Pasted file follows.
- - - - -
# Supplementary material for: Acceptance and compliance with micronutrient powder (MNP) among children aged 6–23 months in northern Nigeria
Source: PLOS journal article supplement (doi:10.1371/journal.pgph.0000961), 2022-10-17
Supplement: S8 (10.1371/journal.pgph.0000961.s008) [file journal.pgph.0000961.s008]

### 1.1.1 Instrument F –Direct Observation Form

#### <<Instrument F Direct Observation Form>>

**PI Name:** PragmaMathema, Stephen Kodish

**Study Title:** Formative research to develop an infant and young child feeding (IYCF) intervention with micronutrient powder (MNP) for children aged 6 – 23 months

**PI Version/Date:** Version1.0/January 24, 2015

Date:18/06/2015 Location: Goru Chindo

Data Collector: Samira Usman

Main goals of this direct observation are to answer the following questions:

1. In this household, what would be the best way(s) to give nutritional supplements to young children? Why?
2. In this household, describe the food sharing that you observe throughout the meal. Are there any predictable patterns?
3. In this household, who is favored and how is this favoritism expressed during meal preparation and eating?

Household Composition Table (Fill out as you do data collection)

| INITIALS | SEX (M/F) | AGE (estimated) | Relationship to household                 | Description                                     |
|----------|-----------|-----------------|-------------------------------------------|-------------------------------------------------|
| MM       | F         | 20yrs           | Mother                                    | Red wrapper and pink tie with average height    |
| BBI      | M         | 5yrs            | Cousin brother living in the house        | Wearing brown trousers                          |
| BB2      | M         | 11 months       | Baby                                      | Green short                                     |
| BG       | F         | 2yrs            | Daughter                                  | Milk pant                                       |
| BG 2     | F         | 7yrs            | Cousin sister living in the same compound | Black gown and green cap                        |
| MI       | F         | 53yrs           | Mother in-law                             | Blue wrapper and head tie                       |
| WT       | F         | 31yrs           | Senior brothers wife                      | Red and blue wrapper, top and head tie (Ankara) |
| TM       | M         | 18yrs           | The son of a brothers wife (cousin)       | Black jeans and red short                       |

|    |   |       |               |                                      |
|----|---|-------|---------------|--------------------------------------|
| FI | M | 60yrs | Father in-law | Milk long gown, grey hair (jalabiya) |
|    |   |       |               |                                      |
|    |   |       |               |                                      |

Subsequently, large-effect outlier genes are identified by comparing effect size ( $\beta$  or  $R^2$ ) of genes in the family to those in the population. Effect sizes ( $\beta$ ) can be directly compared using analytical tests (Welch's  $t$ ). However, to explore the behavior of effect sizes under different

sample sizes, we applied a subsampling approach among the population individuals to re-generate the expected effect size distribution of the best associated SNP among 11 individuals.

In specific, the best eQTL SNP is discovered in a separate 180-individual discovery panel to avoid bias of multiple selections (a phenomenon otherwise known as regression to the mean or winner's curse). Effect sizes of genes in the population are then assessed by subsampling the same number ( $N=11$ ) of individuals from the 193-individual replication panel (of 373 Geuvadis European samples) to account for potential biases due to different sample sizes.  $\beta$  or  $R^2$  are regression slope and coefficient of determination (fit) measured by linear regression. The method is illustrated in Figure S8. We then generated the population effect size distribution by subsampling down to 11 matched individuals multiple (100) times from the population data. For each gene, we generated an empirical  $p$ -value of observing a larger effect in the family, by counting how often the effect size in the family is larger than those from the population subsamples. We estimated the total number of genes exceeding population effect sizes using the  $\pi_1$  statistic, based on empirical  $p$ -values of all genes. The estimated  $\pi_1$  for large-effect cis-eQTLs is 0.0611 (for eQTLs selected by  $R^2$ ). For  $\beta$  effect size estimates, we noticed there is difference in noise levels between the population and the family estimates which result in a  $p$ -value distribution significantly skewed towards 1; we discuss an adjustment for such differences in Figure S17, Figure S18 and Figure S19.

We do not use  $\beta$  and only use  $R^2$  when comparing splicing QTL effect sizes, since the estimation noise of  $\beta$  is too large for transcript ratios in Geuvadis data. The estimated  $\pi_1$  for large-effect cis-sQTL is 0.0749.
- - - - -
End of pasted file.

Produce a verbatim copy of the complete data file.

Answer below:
# Supplementary material for: Acceptance and compliance with micronutrient powder (MNP) among children aged 6–23 months in northern Nigeria
Source: PLOS journal article supplement (doi:10.1371/journal.pgph.0000961), 2022-10-17
Supplement: S8 (10.1371/journal.pgph.0000961.s008) [file journal.pgph.0000961.s008]

### 1.1.1 Instrument F –Direct Observation Form

#### <<Instrument F Direct Observation Form>>

**PI Name:** PragmaMathema, Stephen Kodish

**Study Title:** Formative research to develop an infant and young child feeding (IYCF) intervention with micronutrient powder (MNP) for children aged 6 – 23 months

**PI Version/Date:** Version1.0/January 24, 2015

Date:18/06/2015 Location: Goru Chindo

Data Collector: Samira Usman

Main goals of this direct observation are to answer the following questions:

1. In this household, what would be the best way(s) to give nutritional supplements to young children? Why?
2. In this household, describe the food sharing that you observe throughout the meal. Are there any predictable patterns?
3. In this household, who is favored and how is this favoritism expressed during meal preparation and eating?

Household Composition Table (Fill out as you do data collection)

| INITIALS | SEX (M/F) | AGE (estimated) | Relationship to household                 | Description                                     |
|----------|-----------|-----------------|-------------------------------------------|-------------------------------------------------|
| MM       | F         | 20yrs           | Mother                                    | Red wrapper and pink tie with average height    |
| BBI      | M         | 5yrs            | Cousin brother living in the house        | Wearing brown trousers                          |
| BB2      | M         | 11 months       | Baby                                      | Green short                                     |
| BG       | F         | 2yrs            | Daughter                                  | Milk pant                                       |
| BG 2     | F         | 7yrs            | Cousin sister living in the same compound | Black gown and green cap                        |
| MI       | F         | 53yrs           | Mother in-law                             | Blue wrapper and head tie                       |
| WT       | F         | 31yrs           | Senior brothers wife                      | Red and blue wrapper, top and head tie (Ankara) |
| TM       | M         | 18yrs           | The son of a brothers wife (cousin)       | Black jeans and red short                       |

|    |   |       |               |                                      |
|----|---|-------|---------------|--------------------------------------|
| FI | M | 60yrs | Father in-law | Milk long gown, grey hair (jalabiya) |
|    |   |       |               |                                      |
|    |   |       |               |                                      |

Subsequently, large-effect outlier genes are identified by comparing effect size ( $\beta$  or  $R^2$ ) of genes in the family to those in the population. Effect sizes ( $\beta$ ) can be directly compared using analytical tests (Welch's  $t$ ). However, to explore the behavior of effect sizes under different

sample sizes, we applied a subsampling approach among the population individuals to re-generate the expected effect size distribution of the best associated SNP among 11 individuals.

In specific, the best eQTL SNP is discovered in a separate 180-individual discovery panel to avoid bias of multiple selections (a phenomenon otherwise known as regression to the mean or winner's curse). Effect sizes of genes in the population are then assessed by subsampling the same number ( $N=11$ ) of individuals from the 193-individual replication panel (of 373 Geuvadis European samples) to account for potential biases due to different sample sizes.  $\beta$  or  $R^2$  are regression slope and coefficient of determination (fit) measured by linear regression. The method is illustrated in Figure S8. We then generated the population effect size distribution by subsampling down to 11 matched individuals multiple (100) times from the population data. For each gene, we generated an empirical  $p$ -value of observing a larger effect in the family, by counting how often the effect size in the family is larger than those from the population subsamples. We estimated the total number of genes exceeding population effect sizes using the  $\pi_1$  statistic, based on empirical  $p$ -values of all genes. The estimated  $\pi_1$  for large-effect cis-eQTLs is 0.0611 (for eQTLs selected by  $R^2$ ). For  $\beta$  effect size estimates, we noticed there is difference in noise levels between the population and the family estimates which result in a  $p$ -value distribution significantly skewed towards 1; we discuss an adjustment for such differences in Figure S17, Figure S18 and Figure S19.

We do not use  $\beta$  and only use  $R^2$  when comparing splicing QTL effect sizes, since the estimation noise of  $\beta$  is too large for transcript ratios in Geuvadis data. The estimated  $\pi_1$  for large-effect cis-sQTL is 0.0749.